By JAY RICHARDS and JAMES ROBISON
The campaign against Chick-fil-A is an attack on religious liberty.
The campaign against Chick-fil-A may be a more ominous attack on religious freedom than the Affordable Care Act's mandates. ObamaCare would force millions of Americans to fund actions they find morally reprehensible but leaves them free to denounce it. The chicken inquisition, by contrast, directly targets religious speech itself.
Chick-fil-A President Dan Cathy recently dared to describe his views on marriage during a radio program. "I think we are inviting God's judgment on our nation when we shake our fist at Him and say, 'We know better than you as to what constitutes a marriage,'" he said. "I pray God's mercy on our generation that has such a prideful, arrogant attitude to think that we have the audacity to redefine what marriage is about."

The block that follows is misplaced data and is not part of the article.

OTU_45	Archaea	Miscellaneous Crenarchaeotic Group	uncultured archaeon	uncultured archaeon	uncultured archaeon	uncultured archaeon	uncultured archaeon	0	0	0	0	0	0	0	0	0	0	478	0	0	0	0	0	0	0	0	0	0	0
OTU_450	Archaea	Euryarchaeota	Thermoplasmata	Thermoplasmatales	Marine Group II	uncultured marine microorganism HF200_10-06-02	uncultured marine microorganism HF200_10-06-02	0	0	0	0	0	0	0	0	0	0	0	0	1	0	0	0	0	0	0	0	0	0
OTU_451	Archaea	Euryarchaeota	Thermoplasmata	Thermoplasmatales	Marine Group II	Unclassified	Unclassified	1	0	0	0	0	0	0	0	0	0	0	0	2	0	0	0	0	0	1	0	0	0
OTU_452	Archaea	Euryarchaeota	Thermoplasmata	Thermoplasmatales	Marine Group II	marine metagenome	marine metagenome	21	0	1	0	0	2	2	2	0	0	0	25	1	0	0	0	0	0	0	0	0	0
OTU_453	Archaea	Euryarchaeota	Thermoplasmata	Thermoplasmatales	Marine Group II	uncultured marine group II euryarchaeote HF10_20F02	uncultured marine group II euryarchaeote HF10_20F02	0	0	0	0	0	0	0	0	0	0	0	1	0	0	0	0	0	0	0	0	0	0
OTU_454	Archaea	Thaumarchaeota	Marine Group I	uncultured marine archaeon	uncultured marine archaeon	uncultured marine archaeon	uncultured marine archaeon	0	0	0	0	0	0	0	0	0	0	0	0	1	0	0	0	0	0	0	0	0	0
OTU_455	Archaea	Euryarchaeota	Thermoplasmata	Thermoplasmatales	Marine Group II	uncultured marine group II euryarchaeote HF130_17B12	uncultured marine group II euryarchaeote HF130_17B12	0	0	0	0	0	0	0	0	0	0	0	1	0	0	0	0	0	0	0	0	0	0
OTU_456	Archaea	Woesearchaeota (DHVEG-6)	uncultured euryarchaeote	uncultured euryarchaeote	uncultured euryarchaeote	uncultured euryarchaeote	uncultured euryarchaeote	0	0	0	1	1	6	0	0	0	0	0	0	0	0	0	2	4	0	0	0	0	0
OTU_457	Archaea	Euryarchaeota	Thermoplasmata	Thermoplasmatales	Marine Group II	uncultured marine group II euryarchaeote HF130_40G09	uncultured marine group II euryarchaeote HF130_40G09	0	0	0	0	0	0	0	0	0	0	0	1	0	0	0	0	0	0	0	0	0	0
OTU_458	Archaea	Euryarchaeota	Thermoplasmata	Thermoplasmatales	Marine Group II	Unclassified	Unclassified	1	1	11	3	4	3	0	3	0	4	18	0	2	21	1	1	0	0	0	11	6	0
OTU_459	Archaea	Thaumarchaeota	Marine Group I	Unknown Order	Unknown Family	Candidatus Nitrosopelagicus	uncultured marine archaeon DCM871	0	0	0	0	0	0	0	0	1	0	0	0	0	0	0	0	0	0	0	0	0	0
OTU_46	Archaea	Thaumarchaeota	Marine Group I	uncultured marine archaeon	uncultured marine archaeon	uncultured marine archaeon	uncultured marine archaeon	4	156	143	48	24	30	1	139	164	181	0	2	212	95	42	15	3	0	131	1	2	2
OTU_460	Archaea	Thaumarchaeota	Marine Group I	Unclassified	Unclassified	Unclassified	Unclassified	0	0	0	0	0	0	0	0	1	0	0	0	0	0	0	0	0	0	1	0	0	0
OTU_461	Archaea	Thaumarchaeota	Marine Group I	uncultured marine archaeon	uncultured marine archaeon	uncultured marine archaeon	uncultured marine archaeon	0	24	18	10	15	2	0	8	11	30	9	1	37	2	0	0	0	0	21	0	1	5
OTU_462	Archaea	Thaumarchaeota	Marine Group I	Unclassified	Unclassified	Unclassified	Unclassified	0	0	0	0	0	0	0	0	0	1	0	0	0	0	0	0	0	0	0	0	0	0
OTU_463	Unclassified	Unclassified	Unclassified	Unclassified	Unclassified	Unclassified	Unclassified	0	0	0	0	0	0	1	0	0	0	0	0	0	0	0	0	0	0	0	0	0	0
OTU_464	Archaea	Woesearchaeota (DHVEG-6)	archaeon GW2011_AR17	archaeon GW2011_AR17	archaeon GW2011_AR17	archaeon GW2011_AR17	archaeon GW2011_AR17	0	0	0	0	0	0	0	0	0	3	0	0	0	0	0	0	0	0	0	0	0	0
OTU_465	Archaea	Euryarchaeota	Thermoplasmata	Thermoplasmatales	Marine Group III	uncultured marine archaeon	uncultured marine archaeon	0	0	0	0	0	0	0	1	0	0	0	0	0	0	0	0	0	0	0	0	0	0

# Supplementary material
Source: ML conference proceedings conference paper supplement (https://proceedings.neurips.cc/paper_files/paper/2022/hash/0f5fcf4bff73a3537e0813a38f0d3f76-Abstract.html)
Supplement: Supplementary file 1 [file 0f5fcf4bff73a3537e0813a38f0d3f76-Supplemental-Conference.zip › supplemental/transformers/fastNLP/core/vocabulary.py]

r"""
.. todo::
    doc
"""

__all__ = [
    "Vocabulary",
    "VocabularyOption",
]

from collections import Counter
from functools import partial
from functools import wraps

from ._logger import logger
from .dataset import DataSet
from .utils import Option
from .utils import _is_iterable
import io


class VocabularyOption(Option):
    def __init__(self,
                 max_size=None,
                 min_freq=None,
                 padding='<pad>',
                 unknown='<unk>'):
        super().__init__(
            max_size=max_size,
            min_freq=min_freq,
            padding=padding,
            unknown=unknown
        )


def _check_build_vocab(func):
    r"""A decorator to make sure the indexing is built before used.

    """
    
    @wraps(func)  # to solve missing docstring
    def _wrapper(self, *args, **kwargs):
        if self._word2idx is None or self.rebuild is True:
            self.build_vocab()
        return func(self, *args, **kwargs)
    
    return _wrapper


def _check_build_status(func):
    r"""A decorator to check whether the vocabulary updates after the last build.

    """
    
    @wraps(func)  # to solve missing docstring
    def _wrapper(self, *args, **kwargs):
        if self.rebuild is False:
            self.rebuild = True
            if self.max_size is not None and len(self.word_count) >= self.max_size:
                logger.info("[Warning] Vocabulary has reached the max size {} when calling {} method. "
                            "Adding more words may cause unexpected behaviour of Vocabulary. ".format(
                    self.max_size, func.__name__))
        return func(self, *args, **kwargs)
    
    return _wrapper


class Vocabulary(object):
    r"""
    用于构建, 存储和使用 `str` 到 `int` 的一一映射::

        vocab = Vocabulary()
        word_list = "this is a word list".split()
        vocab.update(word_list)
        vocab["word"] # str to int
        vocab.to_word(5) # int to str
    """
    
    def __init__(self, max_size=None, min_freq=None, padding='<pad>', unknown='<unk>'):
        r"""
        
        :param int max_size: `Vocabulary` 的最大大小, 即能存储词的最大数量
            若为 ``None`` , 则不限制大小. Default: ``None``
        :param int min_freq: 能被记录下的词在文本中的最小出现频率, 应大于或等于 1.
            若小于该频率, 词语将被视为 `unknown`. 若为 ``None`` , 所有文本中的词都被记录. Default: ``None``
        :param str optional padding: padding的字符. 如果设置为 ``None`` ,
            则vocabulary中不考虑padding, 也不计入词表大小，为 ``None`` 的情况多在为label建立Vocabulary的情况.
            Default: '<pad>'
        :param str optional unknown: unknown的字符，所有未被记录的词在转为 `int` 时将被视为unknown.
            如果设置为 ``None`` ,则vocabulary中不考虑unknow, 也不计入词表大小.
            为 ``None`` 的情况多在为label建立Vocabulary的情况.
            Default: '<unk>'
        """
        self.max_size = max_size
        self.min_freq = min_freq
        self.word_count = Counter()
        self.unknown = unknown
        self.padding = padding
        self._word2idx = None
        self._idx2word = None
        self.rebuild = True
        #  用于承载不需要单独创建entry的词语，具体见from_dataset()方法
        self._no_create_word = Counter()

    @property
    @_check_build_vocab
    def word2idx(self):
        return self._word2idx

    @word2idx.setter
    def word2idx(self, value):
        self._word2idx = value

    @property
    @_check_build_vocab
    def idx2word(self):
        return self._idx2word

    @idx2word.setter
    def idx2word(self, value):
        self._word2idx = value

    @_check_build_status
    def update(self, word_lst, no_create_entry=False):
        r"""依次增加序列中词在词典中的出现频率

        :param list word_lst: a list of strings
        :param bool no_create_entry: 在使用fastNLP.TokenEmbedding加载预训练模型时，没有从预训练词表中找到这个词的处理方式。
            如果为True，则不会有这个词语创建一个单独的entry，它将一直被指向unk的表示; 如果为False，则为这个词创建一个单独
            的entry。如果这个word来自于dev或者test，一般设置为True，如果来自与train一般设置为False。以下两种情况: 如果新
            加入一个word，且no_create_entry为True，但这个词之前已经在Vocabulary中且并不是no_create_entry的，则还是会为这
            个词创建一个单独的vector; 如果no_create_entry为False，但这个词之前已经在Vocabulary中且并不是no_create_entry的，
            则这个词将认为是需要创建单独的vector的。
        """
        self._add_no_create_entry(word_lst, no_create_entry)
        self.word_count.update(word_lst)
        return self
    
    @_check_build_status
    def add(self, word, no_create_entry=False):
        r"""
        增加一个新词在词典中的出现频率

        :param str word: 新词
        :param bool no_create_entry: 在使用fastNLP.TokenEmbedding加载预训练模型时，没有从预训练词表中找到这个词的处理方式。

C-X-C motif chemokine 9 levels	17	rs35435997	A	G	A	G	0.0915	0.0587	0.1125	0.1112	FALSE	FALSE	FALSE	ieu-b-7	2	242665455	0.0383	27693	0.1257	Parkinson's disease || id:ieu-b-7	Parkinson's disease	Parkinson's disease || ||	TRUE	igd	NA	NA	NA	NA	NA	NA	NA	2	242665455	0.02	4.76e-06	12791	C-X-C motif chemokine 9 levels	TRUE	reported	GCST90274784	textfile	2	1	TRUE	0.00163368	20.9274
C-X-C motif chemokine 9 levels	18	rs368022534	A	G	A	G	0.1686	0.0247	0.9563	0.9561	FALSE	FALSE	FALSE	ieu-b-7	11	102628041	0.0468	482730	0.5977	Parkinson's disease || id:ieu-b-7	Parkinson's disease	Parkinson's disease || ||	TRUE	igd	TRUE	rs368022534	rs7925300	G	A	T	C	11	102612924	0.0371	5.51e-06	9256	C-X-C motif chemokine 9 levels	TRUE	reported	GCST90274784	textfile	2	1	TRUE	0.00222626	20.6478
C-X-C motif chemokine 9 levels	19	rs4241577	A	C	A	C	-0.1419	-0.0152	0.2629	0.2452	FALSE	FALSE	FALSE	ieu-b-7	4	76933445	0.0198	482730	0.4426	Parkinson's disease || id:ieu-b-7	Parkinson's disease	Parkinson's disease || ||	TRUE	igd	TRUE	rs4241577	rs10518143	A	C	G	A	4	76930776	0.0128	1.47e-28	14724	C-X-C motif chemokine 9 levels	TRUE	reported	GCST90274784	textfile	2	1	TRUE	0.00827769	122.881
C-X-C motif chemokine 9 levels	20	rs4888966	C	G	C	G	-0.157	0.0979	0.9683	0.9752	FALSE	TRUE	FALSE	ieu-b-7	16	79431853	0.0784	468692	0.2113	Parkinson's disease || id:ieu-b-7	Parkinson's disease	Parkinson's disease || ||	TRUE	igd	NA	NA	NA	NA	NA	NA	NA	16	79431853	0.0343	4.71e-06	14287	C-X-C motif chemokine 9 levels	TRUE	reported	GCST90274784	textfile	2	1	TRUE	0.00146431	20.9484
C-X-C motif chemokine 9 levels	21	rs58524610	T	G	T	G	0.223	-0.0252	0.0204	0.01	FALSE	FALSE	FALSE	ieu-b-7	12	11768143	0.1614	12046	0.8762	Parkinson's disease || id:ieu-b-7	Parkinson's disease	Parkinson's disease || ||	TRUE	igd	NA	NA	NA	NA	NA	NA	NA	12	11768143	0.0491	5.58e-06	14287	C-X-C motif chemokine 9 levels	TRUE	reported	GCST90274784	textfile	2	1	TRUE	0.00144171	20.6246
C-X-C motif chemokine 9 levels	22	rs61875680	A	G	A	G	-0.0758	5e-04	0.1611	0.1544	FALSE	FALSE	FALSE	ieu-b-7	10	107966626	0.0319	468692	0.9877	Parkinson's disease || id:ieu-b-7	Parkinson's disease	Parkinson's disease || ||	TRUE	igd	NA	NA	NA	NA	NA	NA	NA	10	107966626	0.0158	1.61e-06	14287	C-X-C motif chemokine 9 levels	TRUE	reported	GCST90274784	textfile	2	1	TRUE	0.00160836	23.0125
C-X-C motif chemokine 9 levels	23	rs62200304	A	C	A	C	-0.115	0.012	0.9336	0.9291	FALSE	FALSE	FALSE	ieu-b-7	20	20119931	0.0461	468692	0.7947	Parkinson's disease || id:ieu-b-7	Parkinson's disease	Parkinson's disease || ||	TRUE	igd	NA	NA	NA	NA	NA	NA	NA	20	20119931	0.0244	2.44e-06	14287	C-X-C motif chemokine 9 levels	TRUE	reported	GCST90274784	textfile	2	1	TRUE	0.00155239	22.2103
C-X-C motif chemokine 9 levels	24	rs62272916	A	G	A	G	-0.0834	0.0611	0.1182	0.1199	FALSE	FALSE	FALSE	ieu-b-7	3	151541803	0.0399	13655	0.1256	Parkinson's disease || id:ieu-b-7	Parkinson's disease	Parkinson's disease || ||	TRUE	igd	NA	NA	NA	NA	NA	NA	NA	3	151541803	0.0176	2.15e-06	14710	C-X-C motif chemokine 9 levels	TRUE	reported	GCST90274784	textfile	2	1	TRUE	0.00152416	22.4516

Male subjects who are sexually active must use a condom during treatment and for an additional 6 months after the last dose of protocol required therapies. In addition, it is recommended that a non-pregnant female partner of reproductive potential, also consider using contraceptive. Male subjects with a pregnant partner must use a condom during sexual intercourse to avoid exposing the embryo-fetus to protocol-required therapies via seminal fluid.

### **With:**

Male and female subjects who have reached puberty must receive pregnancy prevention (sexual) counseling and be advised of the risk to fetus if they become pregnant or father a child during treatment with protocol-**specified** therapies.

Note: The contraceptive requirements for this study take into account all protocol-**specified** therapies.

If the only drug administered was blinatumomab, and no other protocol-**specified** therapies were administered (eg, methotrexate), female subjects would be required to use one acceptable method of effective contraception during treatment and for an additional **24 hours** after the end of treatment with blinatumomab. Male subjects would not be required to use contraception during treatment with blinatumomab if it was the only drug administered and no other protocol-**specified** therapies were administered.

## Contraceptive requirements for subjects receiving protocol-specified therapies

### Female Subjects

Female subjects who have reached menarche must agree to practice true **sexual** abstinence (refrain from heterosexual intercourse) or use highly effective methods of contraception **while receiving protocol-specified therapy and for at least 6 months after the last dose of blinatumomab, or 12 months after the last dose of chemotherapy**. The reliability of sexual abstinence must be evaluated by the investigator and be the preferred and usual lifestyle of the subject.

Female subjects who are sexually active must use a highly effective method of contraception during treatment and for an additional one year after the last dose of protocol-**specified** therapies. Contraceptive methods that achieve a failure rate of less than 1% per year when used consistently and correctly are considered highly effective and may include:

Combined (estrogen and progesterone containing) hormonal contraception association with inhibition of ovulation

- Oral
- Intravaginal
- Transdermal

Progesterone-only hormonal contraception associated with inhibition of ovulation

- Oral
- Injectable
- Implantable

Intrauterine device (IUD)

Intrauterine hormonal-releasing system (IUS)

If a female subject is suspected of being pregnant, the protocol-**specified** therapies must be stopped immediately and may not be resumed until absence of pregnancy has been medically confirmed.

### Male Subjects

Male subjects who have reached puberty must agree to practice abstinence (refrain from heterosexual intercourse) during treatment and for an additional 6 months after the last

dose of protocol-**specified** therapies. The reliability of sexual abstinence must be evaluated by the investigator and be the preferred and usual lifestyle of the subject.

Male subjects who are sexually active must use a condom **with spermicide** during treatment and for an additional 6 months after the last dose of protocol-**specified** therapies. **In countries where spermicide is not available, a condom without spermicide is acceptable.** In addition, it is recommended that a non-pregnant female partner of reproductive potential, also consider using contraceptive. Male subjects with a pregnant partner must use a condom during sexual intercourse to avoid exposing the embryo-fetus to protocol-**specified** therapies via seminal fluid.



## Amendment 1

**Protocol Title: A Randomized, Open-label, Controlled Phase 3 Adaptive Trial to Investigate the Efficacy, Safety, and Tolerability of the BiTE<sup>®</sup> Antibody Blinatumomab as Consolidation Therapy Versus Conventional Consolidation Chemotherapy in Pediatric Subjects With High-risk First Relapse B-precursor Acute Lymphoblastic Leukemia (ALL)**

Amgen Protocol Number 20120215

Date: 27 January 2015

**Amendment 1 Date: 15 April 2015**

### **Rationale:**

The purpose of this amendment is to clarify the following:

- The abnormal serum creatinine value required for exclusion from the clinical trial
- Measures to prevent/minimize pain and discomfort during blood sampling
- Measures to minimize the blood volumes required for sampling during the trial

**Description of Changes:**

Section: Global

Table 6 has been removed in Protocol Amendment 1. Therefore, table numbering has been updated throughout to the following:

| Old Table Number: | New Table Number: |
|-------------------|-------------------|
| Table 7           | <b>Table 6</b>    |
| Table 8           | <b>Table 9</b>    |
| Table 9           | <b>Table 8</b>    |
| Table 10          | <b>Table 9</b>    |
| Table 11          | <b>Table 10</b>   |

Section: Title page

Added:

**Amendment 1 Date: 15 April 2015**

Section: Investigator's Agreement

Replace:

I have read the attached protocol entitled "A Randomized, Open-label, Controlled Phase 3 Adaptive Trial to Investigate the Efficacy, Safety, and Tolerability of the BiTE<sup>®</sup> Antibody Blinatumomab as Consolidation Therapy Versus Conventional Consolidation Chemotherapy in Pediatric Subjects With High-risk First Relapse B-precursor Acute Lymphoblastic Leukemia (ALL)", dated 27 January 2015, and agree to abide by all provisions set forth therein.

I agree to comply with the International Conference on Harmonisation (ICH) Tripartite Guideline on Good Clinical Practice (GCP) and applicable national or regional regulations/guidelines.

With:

For this, activist organizations are trying to brand Chick-fil-A as "anti-gay" and intimidate other businesspeople into thinking twice before exercising their freedom of speech.
The agitators chose a most improbable villain. Dan Cathy is the son of the 91-year-old founder of the company, S. Truett Cathy. Truett is an entrepreneur and philanthropist who is also a committed Christian. His fast-food chain is famous not only for tasty chicken sandwiches but also for being closed on Sundays. The Cathys don't think of their company as a "Christian company," but they have sought to run their business on "biblical principles." This gives them a special interest in families.
"We are very much supportive of the family—the biblical definition of the family unit," Mr. Cathy explained recently in an interview with the Baptist Press. "We are a family-owned business, a family-led business, and we are married to our first wives. We give God thanks for that."
In virtually every culture, marriage is an institution involving a public commitment between a man and a woman. The complementary nature of men and women points to the unique purpose of marriage: to bear and raise children. One can recognize this fact and so conclude that "same-sex marriage" is an oxymoron—without being "anti-gay."